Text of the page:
Buff-tip Moth

┬ęTom Marshall

Buff-tip Moth Caterpillars

┬ęChris Lawrence

Buff-tip moth

Scientific name: Phalera bucephala
It is so easy to miss this clever little moth. It is a master of disguise, blending in perfectly as it looks just like the twig of a birch tree! Flying only at night, the buff-tip moth can be seen from May to July.

Species information

Statistics

Wingspan: 4.4-6.8cm

Conservation status

Common.

When to see

May to July

About

Blink and you may miss the buff-tip moth, which blends in perfectly with its surroundings, looking just like the twig of a birch tree. A night-flying moth, this amazing creature can be seen between May and July. The caterpillars are big, hairy and yellow with a black head and a ring of short black stripes and often gather together in large numbers.

How to identify

The buff-tip holds its wings against its body and looks remarkably similar to a birch twig. It is mainly silvery-grey in colour, with a square-cut, buffy head, and a buff patch at the end of the wings which gives it the common name.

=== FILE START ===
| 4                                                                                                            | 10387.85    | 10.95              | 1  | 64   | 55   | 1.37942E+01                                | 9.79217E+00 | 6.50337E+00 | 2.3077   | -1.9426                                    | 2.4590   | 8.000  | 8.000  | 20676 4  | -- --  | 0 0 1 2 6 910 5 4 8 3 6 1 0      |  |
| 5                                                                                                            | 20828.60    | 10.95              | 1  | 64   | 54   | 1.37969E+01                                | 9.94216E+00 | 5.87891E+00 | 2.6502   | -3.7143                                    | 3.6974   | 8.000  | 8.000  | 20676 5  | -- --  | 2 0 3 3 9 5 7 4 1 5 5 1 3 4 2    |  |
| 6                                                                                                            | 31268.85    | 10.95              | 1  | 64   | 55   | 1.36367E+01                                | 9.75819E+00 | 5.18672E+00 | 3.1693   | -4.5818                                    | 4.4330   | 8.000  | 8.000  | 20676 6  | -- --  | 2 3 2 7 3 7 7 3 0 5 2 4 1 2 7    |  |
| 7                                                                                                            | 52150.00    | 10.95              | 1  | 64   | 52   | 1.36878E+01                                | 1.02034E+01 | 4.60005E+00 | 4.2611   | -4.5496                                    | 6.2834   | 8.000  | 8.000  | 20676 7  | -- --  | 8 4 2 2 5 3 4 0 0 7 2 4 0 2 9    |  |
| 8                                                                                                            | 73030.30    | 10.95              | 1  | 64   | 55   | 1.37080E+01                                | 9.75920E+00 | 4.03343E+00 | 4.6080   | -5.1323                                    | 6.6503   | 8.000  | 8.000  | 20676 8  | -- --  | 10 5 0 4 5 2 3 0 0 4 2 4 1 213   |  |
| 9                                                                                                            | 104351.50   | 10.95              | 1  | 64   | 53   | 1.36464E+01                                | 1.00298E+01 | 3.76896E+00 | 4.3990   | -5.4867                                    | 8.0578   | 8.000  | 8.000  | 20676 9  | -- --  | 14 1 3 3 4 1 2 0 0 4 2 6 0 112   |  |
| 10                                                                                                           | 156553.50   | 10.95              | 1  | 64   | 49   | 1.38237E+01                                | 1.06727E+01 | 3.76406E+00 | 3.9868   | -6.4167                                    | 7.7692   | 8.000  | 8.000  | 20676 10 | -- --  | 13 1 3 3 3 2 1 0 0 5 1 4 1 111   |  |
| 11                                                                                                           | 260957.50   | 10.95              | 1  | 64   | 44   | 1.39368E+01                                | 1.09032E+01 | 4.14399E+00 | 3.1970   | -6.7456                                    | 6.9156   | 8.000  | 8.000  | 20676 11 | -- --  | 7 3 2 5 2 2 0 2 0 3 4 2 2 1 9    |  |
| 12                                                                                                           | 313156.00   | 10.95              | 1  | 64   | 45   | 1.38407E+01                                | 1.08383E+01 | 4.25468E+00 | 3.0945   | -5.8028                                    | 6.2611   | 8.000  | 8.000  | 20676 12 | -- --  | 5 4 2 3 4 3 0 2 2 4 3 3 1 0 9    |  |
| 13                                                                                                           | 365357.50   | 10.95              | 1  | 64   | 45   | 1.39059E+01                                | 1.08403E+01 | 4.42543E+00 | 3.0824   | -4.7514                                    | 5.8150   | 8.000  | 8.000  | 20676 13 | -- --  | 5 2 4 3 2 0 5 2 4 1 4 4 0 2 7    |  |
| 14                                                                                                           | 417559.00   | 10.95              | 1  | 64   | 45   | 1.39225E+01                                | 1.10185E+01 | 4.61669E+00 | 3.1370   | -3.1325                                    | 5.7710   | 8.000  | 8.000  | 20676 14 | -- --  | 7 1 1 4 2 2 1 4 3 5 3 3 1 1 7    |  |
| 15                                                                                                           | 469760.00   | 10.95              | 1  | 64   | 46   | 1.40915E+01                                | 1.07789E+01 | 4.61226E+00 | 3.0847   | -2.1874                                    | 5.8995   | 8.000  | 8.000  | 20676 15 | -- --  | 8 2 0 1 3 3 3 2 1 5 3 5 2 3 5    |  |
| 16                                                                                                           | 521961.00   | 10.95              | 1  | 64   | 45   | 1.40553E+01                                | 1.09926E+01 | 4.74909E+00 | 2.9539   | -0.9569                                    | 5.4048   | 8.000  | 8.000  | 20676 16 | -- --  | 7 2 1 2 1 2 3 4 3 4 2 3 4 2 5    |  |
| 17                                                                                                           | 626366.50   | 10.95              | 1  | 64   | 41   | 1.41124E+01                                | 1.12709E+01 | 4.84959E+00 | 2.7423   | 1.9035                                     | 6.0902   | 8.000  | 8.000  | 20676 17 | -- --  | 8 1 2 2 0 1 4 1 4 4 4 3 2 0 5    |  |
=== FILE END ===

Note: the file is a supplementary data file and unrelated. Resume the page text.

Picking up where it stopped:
Distribution

Widespread.

Did you know?

When it sits motionless, the colouring, shape and buff-coloured wingtips of the buff-tip moth make it perfectly camouflaged: it looks just like a broken birch twig.

How people can help

To attract butterflies and moths into your garden, plant nectar-rich borders for them to feed along and climbing ivy and shrubs for overwintering insects. To find out more about encouraging wildlife into your garden, visit our Wild About Gardens website: a joint initiative with the RHS, there's plenty of facts and tips to get you started. To buy bird and animal food, feeders and homes, visit the Vine House Farm website - an award-winning wildlife-friendly farm which gives 5% of all its takings to The Wildlife Trusts.